Women are three times more likely than their male counterparts to die of genital nonmelanoma skin cancer. The Human Papillomavirus (HPV) causes Genital nonmelanoma skin cancer and is also associated with cervical cancer.
Genital skin and mucus warts are not easy to see and do not have any noticeable symptoms. This contributes to them not being detected early. Early detection is important especially if the HPV has progressed to cancer.
Cervical cancer is a slow-growing condition that can take years to progress. This is why women should have annual gynecological exams if they are sexually active or age 21 and older. Pap Smear tests are performed at regular intervals as determined by her health care provider.
Persons Most At Risk for The HPV That Causes Cell Changes
1. Any sexually active person
2. A large percentage of people are exposed to someone who has the cell-changing type of HPV, but not everyone, especially those who are male will actually have abnormal cell change – which is also called dysplasia.
3. The HPV that is associated with cell changes are usually spread by skin-to-skin contact during sex (anal, oral or vaginal). It is rare to contract it through oral sex, but it can happen.
HPV that causes cell changes do not usually cause warts on hands and feet.
When to Screen for Cervical Cancer?
The American Cancer Society states that females should receive their first screening by gynecological exam and Pap Smear Test by age 21, or within 3 years of becoming sexually active (which ever comes first).
If women have had a conventional type Pap smear (where the cell sample is taken and put on a glass slide to be examined) and the test result is “normal” than she should receive Pap Tests once a year as long as results remain “normal”.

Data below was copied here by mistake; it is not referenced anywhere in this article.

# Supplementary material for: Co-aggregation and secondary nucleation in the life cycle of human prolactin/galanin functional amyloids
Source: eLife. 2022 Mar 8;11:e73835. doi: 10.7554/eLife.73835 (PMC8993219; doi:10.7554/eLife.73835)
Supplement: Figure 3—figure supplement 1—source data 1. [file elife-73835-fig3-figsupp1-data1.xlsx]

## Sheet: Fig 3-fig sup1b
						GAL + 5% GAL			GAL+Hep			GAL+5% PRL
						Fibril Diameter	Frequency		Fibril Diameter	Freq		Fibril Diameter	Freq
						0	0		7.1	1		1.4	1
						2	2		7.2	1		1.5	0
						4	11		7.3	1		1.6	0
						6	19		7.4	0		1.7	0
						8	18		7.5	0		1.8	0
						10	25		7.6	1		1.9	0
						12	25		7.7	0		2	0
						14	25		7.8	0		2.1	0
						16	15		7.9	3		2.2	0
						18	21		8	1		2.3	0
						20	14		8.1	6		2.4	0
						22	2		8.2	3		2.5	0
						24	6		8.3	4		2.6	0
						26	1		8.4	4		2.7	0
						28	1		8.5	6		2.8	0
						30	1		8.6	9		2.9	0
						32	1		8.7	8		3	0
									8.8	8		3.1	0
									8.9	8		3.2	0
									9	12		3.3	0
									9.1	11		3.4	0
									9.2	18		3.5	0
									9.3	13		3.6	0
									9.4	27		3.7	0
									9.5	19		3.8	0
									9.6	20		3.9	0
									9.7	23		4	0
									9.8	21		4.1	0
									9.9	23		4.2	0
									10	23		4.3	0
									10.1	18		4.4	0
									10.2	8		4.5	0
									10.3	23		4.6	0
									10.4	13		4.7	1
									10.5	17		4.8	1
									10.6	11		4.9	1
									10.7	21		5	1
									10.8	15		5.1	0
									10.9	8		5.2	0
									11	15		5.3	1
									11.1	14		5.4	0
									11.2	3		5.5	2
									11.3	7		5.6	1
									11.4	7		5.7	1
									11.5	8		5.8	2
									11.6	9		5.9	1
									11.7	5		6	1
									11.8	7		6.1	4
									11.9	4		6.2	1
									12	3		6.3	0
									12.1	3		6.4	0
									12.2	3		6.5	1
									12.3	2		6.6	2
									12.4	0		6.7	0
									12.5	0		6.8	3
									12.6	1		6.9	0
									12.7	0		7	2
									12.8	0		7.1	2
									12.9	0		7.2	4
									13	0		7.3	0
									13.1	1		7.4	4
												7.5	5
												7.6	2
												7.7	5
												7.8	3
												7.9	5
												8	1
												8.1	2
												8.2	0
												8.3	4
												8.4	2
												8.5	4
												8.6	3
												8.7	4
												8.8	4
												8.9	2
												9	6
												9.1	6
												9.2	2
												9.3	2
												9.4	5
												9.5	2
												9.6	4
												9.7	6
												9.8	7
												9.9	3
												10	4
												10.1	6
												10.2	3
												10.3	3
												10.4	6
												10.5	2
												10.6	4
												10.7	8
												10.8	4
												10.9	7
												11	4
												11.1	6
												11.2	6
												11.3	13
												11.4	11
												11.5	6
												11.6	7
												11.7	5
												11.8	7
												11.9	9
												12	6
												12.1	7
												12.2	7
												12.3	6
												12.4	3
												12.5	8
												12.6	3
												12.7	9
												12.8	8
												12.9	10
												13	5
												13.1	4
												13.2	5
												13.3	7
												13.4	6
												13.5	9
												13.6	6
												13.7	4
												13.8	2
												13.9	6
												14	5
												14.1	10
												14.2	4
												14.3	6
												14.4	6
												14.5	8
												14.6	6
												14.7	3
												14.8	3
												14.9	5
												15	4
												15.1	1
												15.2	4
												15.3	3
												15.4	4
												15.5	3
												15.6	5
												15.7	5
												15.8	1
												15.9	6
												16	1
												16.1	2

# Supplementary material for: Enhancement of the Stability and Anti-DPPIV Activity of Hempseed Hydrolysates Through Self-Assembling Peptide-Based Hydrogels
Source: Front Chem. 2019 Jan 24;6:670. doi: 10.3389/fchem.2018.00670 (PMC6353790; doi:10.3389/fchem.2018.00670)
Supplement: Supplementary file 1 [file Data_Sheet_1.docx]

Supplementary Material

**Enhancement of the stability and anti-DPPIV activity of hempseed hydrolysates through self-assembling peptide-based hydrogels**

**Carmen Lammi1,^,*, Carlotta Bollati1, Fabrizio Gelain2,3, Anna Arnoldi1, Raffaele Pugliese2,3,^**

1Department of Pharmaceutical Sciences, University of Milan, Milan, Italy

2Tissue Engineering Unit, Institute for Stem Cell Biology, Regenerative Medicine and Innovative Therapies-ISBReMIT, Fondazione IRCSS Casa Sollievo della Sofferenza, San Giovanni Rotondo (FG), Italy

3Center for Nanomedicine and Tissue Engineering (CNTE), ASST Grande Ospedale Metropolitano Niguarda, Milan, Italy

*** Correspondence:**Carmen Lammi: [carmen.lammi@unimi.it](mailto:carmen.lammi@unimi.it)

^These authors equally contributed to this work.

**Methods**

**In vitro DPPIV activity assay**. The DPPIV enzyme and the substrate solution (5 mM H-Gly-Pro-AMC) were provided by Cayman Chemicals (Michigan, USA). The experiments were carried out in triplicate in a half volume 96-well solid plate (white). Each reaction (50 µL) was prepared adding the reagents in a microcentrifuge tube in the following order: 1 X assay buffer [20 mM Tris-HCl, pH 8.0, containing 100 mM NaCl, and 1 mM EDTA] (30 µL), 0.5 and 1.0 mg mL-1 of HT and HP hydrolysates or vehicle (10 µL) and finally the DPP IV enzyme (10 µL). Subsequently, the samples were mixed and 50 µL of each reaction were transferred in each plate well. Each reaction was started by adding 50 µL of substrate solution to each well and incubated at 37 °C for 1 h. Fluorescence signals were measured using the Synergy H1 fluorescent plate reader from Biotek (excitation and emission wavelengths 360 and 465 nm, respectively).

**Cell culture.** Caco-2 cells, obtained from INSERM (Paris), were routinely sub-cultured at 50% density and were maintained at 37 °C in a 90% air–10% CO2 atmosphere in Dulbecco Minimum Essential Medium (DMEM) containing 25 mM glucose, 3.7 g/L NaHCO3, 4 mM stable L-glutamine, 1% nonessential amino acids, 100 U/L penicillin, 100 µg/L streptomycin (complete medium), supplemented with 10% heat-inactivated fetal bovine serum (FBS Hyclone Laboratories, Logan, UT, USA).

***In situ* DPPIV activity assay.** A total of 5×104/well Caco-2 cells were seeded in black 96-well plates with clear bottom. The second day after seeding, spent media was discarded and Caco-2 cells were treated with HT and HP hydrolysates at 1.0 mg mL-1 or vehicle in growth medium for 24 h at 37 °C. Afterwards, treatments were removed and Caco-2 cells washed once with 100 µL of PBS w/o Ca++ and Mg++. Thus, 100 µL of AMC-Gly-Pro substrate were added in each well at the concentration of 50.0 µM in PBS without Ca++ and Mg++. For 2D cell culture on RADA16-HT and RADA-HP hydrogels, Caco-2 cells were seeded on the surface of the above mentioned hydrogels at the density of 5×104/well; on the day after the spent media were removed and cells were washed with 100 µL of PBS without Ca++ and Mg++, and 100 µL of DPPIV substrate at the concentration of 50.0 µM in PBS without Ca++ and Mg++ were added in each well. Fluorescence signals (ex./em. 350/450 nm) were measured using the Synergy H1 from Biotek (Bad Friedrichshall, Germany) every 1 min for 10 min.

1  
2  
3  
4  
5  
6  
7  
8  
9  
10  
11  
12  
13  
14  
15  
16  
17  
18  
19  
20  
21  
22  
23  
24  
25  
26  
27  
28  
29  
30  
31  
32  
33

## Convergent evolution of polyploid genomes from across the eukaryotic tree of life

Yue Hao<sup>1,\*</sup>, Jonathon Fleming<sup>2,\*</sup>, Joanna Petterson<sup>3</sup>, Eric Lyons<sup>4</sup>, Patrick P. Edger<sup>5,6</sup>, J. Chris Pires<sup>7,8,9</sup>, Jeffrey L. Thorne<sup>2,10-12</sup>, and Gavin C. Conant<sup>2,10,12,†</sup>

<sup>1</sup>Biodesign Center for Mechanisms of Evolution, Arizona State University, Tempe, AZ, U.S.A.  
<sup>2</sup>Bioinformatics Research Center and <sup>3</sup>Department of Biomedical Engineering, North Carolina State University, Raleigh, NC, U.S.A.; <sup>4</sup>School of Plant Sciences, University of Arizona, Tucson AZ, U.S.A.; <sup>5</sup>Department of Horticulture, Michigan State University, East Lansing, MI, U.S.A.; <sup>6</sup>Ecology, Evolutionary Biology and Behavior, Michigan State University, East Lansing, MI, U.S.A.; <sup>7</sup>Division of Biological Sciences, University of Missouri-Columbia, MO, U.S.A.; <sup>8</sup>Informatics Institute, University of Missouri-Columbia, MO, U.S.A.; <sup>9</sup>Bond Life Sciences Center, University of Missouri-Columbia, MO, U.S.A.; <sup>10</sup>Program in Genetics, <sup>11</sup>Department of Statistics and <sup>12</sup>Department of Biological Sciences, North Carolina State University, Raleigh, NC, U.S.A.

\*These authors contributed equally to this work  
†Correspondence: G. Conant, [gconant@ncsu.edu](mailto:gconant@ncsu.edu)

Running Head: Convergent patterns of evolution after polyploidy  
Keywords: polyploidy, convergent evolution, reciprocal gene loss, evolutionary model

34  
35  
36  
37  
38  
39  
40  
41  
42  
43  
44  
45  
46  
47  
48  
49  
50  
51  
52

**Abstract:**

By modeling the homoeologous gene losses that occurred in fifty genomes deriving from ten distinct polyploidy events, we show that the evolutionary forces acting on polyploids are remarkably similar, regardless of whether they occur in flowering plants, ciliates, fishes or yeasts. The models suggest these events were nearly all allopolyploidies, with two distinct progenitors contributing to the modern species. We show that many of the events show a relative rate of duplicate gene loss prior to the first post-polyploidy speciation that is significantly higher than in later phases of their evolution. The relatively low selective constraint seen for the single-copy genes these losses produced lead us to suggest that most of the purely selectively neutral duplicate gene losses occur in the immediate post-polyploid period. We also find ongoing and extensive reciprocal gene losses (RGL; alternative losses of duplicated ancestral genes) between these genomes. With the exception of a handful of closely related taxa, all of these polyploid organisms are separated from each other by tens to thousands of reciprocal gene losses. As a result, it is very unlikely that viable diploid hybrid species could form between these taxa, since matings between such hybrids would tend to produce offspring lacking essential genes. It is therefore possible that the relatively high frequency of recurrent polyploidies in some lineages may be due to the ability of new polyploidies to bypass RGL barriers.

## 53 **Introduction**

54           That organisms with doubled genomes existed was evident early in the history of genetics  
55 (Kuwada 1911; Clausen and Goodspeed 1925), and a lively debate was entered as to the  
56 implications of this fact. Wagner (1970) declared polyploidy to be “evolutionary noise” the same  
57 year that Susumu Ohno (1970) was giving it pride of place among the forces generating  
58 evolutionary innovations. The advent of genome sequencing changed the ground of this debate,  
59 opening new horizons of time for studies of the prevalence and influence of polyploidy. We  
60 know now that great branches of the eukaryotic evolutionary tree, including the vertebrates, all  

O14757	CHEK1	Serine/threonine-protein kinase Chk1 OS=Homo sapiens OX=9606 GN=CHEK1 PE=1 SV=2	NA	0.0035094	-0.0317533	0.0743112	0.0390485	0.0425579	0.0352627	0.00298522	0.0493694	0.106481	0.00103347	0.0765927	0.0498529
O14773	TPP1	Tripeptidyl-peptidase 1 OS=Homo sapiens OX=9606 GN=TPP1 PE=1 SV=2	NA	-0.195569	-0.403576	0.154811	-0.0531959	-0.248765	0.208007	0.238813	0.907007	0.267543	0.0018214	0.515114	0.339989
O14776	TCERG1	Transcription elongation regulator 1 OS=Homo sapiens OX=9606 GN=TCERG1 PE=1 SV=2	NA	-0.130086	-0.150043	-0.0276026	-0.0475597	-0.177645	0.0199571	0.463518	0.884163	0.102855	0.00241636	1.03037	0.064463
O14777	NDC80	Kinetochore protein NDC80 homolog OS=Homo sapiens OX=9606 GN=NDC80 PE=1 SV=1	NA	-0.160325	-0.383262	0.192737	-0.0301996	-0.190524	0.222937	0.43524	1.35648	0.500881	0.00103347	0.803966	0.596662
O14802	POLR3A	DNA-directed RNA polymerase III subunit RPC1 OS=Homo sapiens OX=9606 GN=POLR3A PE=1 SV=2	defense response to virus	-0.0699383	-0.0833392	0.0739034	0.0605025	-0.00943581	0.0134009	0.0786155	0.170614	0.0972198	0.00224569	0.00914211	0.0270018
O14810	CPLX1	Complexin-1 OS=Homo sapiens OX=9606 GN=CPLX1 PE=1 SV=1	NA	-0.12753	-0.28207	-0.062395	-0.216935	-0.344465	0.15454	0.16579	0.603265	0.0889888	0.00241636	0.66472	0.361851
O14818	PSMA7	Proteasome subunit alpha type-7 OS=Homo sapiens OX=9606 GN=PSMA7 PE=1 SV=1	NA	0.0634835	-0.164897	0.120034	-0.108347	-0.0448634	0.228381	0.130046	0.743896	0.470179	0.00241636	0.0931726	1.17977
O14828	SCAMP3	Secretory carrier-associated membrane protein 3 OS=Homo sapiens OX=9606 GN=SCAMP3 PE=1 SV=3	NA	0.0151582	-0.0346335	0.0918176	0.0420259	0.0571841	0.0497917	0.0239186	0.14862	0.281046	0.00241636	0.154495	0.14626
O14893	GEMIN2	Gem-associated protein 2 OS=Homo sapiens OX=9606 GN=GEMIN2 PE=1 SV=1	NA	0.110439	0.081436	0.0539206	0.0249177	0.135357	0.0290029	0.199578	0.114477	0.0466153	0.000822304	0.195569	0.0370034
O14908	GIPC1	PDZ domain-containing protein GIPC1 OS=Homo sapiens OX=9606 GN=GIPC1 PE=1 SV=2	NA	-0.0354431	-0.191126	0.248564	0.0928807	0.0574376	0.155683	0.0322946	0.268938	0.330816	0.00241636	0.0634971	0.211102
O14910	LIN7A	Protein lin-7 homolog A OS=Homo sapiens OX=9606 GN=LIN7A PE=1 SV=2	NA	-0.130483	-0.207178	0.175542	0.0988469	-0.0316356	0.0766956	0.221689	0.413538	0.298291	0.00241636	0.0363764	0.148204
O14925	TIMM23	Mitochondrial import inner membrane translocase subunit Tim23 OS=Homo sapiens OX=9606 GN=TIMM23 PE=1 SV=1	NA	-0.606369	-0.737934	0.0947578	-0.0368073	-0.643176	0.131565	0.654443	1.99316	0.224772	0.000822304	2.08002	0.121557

If a liquid-based Pap test is used and the result is normal than she should have a screening once every two years.
If a Pap-HPV DNA test is done on women over 30 years of age and the result is normal or negative, then the next screening test should be done once every three years.
There is at present no test that can determine cell changes in men who have been exposed to HPV. The screening tests are designed to detect cell changes in a womans cervix. The skin on a males penis is too thick to test for cell changes in the same manner that a womans cervix is tested.
HPV as all viruses do not have cures. What can be treated are the genital warts associated with HPV. Abnormal cells found in the cervix can also be treated and removed. Doing so will lessen the risk of an unexposed partner to being exposed to the cell-changing HPV.
The healthcare provider will consider location, size of the lesion, and previous treatment history, the severity of the test results, the age and or pregnancy status of the patient and the patient and health care provider preferences.